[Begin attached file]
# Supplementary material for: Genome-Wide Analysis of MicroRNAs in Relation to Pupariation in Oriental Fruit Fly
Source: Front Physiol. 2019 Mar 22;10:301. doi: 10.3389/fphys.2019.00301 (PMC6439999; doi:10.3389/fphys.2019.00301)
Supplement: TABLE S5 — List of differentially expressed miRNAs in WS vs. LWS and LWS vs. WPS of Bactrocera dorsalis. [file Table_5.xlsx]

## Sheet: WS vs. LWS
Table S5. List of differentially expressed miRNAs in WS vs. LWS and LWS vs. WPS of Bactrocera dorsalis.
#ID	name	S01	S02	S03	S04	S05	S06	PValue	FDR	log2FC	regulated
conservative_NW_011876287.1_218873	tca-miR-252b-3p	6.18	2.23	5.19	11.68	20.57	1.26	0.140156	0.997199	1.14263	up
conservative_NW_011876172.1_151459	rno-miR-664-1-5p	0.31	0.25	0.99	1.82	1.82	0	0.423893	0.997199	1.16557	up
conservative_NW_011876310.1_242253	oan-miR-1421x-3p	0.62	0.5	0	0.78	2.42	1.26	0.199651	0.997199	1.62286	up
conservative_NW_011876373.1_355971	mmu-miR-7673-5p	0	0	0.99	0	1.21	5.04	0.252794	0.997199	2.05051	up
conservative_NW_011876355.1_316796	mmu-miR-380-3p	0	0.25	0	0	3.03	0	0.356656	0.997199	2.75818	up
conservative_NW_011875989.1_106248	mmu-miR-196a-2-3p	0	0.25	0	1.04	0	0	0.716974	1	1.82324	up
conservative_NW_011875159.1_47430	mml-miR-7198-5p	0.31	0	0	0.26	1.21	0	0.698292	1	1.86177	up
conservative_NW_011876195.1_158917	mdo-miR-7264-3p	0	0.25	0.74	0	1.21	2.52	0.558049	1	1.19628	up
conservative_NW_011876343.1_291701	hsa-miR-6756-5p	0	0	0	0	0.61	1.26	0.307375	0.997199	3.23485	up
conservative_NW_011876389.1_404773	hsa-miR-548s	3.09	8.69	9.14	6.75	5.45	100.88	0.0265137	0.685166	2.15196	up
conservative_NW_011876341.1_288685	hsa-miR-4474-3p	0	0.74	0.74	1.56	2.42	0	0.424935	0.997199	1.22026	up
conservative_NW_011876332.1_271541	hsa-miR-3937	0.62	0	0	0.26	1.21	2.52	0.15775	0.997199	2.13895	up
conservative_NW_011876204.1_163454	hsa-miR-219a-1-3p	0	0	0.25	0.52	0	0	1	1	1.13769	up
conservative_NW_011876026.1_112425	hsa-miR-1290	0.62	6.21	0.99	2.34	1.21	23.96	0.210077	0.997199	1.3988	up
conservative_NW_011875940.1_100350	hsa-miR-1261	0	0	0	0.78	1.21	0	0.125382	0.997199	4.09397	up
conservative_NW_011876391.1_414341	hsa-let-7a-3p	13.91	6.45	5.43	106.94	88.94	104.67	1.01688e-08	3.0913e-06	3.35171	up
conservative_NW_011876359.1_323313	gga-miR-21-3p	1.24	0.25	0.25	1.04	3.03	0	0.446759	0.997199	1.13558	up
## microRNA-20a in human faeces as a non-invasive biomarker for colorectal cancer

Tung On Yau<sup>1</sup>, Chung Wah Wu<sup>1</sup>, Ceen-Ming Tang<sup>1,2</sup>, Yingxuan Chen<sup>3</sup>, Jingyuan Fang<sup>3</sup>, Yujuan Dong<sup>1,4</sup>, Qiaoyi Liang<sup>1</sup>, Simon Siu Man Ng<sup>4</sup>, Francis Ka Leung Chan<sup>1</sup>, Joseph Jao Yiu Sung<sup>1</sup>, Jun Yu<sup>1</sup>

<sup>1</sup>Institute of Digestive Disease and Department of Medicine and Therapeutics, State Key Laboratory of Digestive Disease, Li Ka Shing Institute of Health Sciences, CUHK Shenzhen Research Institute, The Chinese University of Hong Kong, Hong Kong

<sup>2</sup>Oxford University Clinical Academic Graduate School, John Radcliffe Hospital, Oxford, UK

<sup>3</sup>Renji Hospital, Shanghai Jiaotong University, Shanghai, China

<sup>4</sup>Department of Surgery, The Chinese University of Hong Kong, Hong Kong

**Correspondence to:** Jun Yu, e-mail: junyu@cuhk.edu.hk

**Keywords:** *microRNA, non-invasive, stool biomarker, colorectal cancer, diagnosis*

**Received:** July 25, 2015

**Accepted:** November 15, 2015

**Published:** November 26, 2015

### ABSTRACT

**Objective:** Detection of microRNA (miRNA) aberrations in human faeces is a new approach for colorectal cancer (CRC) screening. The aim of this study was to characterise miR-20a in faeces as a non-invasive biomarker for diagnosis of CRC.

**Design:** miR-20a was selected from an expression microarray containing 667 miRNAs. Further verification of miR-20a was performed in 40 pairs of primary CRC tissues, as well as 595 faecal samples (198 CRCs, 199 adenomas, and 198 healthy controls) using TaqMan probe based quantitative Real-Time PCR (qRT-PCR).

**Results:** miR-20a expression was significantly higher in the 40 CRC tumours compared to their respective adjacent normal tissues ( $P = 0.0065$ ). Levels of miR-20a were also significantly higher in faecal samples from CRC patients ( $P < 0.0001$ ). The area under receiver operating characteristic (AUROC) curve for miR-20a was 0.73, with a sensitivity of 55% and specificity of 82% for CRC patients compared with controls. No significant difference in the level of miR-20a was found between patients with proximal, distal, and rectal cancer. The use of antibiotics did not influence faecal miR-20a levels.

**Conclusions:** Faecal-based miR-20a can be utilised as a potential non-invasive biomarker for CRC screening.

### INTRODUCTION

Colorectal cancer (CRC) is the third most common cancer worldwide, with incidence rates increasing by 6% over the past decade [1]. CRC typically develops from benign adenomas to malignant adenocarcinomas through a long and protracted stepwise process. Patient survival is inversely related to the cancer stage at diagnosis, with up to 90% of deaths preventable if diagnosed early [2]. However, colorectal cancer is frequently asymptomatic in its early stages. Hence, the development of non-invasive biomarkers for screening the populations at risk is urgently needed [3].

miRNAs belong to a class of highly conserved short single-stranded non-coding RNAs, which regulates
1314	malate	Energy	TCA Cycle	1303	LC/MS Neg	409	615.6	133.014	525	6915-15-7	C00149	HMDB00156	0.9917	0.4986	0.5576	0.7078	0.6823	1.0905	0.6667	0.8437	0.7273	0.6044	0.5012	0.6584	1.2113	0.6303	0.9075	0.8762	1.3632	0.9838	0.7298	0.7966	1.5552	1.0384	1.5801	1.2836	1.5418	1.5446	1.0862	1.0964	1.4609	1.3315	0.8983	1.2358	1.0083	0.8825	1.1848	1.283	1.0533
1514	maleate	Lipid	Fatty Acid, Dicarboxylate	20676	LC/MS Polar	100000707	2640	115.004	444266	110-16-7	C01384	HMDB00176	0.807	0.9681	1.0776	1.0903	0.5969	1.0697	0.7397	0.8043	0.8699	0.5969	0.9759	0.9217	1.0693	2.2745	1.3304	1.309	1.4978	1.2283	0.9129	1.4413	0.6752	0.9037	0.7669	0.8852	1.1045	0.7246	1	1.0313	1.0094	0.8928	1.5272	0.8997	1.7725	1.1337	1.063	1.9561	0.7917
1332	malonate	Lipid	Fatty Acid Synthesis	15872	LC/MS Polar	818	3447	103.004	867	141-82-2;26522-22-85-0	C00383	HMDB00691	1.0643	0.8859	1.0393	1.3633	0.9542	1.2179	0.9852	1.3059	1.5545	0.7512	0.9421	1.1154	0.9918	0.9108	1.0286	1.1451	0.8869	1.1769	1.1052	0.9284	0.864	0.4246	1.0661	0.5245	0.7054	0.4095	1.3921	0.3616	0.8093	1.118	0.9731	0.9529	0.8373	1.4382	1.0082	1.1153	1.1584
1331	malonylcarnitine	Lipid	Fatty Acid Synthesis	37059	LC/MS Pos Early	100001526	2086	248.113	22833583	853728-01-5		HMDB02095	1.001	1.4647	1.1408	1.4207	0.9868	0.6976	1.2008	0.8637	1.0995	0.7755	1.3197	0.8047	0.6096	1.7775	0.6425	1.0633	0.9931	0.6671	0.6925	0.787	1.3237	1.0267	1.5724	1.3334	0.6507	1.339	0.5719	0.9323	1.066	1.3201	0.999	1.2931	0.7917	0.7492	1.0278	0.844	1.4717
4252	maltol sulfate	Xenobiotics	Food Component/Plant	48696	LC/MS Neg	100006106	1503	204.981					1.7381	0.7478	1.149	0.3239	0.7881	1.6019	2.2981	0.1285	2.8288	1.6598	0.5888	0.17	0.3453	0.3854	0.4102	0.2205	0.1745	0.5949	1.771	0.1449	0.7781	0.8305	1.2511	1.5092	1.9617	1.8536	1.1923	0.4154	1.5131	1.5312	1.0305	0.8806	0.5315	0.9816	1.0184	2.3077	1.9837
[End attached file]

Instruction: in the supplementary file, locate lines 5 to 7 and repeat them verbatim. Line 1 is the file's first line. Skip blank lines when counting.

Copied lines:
Table S5. List of differentially expressed miRNAs in WS vs. LWS and LWS vs. WPS of Bactrocera dorsalis.
#ID	name	S01	S02	S03	S04	S05	S06	PValue	FDR	log2FC	regulated
conservative_NW_011876287.1_218873	tca-miR-252b-3p	6.18	2.23	5.19	11.68	20.57	1.26	0.140156	0.997199	1.14263	up